What’s it really like to work at Google?
Google has a reputation for being a fun place to work, full of toys and intelligent people working on world-changing projects.
To look at the company’s brightly coloured campus images, you could be forgiven for thinking that working at the company is all about ball pools, gourmet canteens and bumper bonuses. But what’s life really like inside the secretive search company?
When we asked Google to discuss campus life and daily routines for workers it declined; the majority of former employees are equally coy. However, we’ve spoken to people that have worked on campus, and trawled former employees’ disclosures to uncover what it’s actually like to work at the company with the “don’t be evil” mantra.
Part of Google’s image as an energetic company stems from almost college-like campuses where everything is laid on, with young employees and, indeed, founding staffers enjoying a riotous time, particularly in the early years. Founders Larry Page and Sergey Brin created an image of a hip company willing to work hard and play harder. Folklore includes tales of company ski trips, TGIF meetings and other junkets that became the stuff of legend.
Founders Larry Page and Sergey Brin created an image of a hip company willing to work hard and play harder
In his book, I’m Feeling Lucky, Douglas Edwards, Google’s 59th employee, described some of the debauched parties that staffers were expected, rather than invited, to attend – even at the expense of domestic unrest.
“When I let Kristen [his wife] know that Google required my presence on the slopes at Lake Tahoe for an employee-only bonding trip, what she heard was: ‘Please stay at home with our three children while I head out with a bus-load of adrenaline-charged, hormone-drenched post-adolescents for three days of bacchanalian binge-drinking, substance abuse and room-key swapping.’ She got it mostly right,” he wrote.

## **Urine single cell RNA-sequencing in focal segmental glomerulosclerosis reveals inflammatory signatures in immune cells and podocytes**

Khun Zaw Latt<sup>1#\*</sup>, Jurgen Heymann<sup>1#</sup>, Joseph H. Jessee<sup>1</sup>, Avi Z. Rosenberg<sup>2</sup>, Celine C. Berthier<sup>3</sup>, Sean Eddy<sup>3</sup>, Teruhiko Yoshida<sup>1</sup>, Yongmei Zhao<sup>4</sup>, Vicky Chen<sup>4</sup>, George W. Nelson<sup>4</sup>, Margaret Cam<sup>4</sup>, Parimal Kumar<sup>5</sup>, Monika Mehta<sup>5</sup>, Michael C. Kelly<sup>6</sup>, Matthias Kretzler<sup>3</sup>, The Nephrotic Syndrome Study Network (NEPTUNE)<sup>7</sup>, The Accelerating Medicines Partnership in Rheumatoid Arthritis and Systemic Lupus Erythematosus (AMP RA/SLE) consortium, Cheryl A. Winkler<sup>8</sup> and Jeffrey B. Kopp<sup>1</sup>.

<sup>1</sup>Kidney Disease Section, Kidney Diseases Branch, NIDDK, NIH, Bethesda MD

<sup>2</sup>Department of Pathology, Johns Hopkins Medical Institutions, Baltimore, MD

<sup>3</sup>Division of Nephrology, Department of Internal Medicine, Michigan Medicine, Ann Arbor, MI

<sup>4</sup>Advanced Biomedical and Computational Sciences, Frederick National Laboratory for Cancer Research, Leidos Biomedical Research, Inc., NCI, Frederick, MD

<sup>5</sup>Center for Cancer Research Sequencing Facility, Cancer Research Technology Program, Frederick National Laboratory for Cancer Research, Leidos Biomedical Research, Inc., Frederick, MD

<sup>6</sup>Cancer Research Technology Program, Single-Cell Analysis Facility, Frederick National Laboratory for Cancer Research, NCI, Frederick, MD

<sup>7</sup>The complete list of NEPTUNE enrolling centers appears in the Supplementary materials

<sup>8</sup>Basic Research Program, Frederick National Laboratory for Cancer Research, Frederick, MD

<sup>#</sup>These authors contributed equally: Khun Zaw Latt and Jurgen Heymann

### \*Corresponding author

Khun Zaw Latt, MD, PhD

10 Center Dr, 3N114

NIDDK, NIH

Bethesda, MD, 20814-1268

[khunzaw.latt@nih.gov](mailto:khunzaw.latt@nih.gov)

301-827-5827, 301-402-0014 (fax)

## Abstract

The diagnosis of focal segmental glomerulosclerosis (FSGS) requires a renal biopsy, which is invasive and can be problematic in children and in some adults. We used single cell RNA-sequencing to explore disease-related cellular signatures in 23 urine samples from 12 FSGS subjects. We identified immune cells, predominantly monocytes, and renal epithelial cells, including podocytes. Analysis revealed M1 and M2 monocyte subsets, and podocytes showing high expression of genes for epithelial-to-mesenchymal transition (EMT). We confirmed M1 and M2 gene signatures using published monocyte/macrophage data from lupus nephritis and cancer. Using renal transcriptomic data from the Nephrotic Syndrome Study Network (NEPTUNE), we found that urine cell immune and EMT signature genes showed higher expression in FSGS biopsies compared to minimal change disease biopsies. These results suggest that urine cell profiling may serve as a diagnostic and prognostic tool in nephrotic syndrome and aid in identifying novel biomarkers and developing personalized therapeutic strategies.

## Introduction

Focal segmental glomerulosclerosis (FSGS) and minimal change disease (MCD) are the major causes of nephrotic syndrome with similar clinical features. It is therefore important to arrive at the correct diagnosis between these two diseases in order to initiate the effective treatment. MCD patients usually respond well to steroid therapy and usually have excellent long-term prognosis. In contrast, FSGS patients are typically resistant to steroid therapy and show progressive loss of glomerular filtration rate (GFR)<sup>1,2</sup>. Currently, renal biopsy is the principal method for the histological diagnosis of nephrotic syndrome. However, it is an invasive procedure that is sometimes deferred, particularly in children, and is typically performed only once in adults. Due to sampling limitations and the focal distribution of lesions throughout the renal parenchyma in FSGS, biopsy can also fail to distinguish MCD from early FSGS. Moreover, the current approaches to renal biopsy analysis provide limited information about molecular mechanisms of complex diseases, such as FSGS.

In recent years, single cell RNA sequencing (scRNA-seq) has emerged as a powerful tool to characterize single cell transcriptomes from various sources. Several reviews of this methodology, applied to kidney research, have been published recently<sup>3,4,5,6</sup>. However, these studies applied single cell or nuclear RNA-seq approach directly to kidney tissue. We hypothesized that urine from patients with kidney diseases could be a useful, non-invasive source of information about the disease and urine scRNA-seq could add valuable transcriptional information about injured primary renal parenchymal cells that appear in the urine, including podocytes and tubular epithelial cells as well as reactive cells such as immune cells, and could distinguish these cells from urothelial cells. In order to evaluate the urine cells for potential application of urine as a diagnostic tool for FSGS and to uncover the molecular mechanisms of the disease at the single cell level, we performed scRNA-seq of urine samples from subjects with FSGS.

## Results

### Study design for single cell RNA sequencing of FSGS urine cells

Edwards tells of a ski-trip bar stocked with $75,000 of booze – “and an ample supply of other social lubricants” – and naked frolics among staff. However, as the company grew, and the economy started to turn sour, many of the travel perks were slowly withdrawn; the hell-raising culture has certainly become more corporate over time.
The culture may be more sober, but many of the perks that drew some of tech’s brightest minds to Google remain. “From the beginning, the founders wanted to provide employees with free and good food,” says Annika Steiber, an innovation management expert who has been interviewing Google employees for almost a year as part of a Chalmers University of Technology study.
“The company wants to take care of them and reduce their stress about things outside work – whether it’s a doctor’s visit, haircuts, getting the dry cleaning done or help with daycare. Google wants to provide this so people can focus on the job. My interpretation is that Google truly cares – it really didn’t feel like it was just a message.”
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